Some engineers at Google have come to the conclusion that using required does more harm than good; they prefer to use only optional and repeated. However, this view is not universal. Adding More Message Types Multiple message types can be defined in a single. This is useful if you are defining multiple related messages — so, for example, if you wanted to define the reply message format that corresponds to your SearchResponse message type, you could add it to the same.
It's recommended to include as few message types per. Adding Comments To add comments to your. This can cause severe issues if they later load old versions of the same. The protocol buffer compiler will complain if any future users try to use these field identifiers.
What's Generated From Your. When you run the protocol buffer compiler on a. For Javathe compiler generates a. Python is a little different — the Python compiler generates a module with a static descriptor of each message type in your. For Gothe compiler generates a. You can find out more about using the APIs for each language by following the tutorial for your chosen language.
Scalar Value Types A scalar message field can have one of the following types — the table shows the type specified in the. Inefficient for encoding negative numbers — if your field is likely to have negative values, use sint32 instead.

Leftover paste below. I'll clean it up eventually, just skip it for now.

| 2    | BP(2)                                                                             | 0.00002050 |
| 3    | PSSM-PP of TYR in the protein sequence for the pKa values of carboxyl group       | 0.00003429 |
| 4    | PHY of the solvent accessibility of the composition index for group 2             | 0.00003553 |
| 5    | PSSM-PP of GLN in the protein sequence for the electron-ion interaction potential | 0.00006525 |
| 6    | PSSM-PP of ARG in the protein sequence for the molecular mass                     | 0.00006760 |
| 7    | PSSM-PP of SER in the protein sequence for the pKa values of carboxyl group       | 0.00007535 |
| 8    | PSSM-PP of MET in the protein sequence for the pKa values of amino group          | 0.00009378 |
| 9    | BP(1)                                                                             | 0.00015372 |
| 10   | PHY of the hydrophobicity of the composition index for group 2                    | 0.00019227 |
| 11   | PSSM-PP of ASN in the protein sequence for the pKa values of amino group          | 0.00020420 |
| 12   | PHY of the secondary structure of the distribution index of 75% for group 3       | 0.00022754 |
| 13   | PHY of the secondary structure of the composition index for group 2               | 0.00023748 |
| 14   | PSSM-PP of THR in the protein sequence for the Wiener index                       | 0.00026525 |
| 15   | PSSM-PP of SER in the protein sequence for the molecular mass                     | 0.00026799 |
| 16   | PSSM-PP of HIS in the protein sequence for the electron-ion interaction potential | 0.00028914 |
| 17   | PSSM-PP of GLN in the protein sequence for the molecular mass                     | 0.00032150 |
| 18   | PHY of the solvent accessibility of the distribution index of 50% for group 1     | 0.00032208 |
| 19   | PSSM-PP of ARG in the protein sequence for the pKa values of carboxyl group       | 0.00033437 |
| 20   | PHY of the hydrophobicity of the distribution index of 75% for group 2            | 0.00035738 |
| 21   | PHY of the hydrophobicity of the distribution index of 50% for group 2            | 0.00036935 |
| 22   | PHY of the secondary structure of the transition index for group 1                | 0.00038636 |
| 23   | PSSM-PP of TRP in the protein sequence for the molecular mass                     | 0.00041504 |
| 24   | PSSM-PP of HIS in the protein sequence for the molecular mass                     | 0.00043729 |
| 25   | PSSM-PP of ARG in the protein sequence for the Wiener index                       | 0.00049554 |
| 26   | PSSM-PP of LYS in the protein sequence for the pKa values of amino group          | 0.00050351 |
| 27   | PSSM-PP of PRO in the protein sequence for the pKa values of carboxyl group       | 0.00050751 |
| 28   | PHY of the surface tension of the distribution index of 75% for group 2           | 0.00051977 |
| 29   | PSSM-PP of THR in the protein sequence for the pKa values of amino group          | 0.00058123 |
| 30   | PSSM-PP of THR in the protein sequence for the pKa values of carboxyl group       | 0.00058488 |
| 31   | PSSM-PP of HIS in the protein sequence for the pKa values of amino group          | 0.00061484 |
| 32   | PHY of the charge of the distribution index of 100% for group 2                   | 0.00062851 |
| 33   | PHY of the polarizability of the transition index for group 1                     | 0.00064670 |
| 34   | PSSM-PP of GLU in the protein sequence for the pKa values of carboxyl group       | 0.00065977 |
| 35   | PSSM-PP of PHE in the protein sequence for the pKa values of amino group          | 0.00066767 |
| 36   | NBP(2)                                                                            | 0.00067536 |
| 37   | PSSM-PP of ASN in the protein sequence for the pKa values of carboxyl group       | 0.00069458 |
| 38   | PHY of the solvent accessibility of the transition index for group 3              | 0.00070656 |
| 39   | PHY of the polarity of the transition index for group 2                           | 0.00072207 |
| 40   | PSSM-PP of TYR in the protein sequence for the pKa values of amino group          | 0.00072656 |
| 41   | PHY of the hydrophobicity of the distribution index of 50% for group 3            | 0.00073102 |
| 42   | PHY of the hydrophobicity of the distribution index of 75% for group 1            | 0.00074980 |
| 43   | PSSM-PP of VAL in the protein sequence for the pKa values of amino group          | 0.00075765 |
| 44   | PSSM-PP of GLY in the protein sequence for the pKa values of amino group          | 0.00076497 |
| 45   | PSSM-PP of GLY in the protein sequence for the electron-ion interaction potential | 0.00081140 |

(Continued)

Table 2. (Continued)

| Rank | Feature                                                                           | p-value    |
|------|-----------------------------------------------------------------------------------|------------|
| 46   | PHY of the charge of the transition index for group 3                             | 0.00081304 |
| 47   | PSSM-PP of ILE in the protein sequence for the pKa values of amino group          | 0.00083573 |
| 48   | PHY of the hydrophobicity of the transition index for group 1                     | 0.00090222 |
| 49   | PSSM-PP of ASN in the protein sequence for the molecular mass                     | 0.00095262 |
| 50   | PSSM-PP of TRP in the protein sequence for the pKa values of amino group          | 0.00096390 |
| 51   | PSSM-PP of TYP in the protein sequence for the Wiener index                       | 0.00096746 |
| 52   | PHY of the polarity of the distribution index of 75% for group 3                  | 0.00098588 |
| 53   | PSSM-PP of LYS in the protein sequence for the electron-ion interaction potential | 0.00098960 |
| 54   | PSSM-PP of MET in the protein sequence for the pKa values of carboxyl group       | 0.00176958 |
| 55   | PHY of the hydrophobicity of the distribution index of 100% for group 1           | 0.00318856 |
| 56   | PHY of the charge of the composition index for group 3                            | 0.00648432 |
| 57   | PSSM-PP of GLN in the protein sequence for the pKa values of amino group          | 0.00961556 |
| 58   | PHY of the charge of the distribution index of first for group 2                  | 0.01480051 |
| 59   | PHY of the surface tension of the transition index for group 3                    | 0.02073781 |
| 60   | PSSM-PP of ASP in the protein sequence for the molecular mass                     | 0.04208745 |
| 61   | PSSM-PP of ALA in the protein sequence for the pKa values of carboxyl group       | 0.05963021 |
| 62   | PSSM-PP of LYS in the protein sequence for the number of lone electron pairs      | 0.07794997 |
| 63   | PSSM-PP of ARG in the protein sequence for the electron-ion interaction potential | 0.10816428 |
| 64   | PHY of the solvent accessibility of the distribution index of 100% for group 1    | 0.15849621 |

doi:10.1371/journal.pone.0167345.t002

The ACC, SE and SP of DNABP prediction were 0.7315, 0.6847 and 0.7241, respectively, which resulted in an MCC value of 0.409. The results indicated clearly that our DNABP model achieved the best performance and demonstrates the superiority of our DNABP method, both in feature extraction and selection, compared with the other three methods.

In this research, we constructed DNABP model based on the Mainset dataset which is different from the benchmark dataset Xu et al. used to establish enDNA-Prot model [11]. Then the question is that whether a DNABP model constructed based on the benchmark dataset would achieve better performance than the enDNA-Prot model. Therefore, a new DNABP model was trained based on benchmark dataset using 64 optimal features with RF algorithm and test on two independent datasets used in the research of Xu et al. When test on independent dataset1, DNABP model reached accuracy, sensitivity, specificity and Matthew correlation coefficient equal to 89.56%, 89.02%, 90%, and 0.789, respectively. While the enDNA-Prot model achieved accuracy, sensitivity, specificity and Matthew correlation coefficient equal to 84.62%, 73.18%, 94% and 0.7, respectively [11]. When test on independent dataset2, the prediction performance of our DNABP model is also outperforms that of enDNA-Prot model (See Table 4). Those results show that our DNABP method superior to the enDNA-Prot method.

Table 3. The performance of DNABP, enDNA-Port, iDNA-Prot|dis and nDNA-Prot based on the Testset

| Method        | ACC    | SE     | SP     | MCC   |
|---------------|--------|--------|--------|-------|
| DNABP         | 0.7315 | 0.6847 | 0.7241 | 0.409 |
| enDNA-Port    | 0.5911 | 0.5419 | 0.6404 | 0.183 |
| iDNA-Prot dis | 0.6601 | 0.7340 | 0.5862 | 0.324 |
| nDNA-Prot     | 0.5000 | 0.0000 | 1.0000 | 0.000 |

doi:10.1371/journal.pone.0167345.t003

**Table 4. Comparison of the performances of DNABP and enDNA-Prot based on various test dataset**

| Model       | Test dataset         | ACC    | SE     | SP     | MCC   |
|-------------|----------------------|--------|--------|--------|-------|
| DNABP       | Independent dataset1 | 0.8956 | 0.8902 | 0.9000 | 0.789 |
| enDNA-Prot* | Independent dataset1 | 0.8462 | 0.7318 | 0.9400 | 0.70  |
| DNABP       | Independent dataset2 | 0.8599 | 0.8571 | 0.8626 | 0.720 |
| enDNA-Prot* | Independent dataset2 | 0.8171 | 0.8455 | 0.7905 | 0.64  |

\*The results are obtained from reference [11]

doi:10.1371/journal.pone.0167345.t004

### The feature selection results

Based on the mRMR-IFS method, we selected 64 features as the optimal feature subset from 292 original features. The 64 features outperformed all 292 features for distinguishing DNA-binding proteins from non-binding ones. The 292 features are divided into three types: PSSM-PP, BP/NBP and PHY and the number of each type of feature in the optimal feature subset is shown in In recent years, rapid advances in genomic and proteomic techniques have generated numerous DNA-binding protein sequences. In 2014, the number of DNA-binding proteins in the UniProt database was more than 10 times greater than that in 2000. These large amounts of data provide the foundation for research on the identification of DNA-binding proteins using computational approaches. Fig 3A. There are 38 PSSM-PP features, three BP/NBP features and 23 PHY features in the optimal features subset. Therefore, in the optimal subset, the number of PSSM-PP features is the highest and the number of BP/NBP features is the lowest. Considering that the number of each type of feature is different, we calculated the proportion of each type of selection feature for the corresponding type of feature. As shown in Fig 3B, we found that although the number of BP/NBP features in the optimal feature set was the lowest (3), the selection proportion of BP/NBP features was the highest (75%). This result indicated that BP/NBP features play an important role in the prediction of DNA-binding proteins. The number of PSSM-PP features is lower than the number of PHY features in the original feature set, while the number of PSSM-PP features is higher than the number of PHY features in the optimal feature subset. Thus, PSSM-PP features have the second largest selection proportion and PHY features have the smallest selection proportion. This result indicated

Inefficient for encoding negative numbers — if your field is likely to have negative values, use sint64 instead. These more efficiently encode negative numbers than regular int32s. These more efficiently encode negative numbers than regular int64s.
More efficient than uint32 if values are often greater than 2 More efficient than uint64 if values are often greater than 2 In all cases, the value must fit in the type represented when set. As mentioned above, elements in a message description can be labeled optional.
A well-formed message may or may not contain an optional element. When a message is parsed, if it does not contain an optional element, the corresponding field in the parsed object is set to the default value for that field. The default value can be specified as part of the message description. For bools, the default value is false. For numeric types, the default value is zero.
For enums, the default value is the first value listed in the enum's type definition. This means care must be taken when adding a value to the beginning of an enum value list.
See the Updating A Message Type section for guidelines on how to safely change definitions. Enumerations When you're defining a message type, you might want one of its fields to only have one of a pre-defined list of values. You can do this very simply by adding an enum to your message definition - a field with an enum type can only have one of a specified set of constants as its value if you try to provide a different value, the parser will treat it like an unknown field.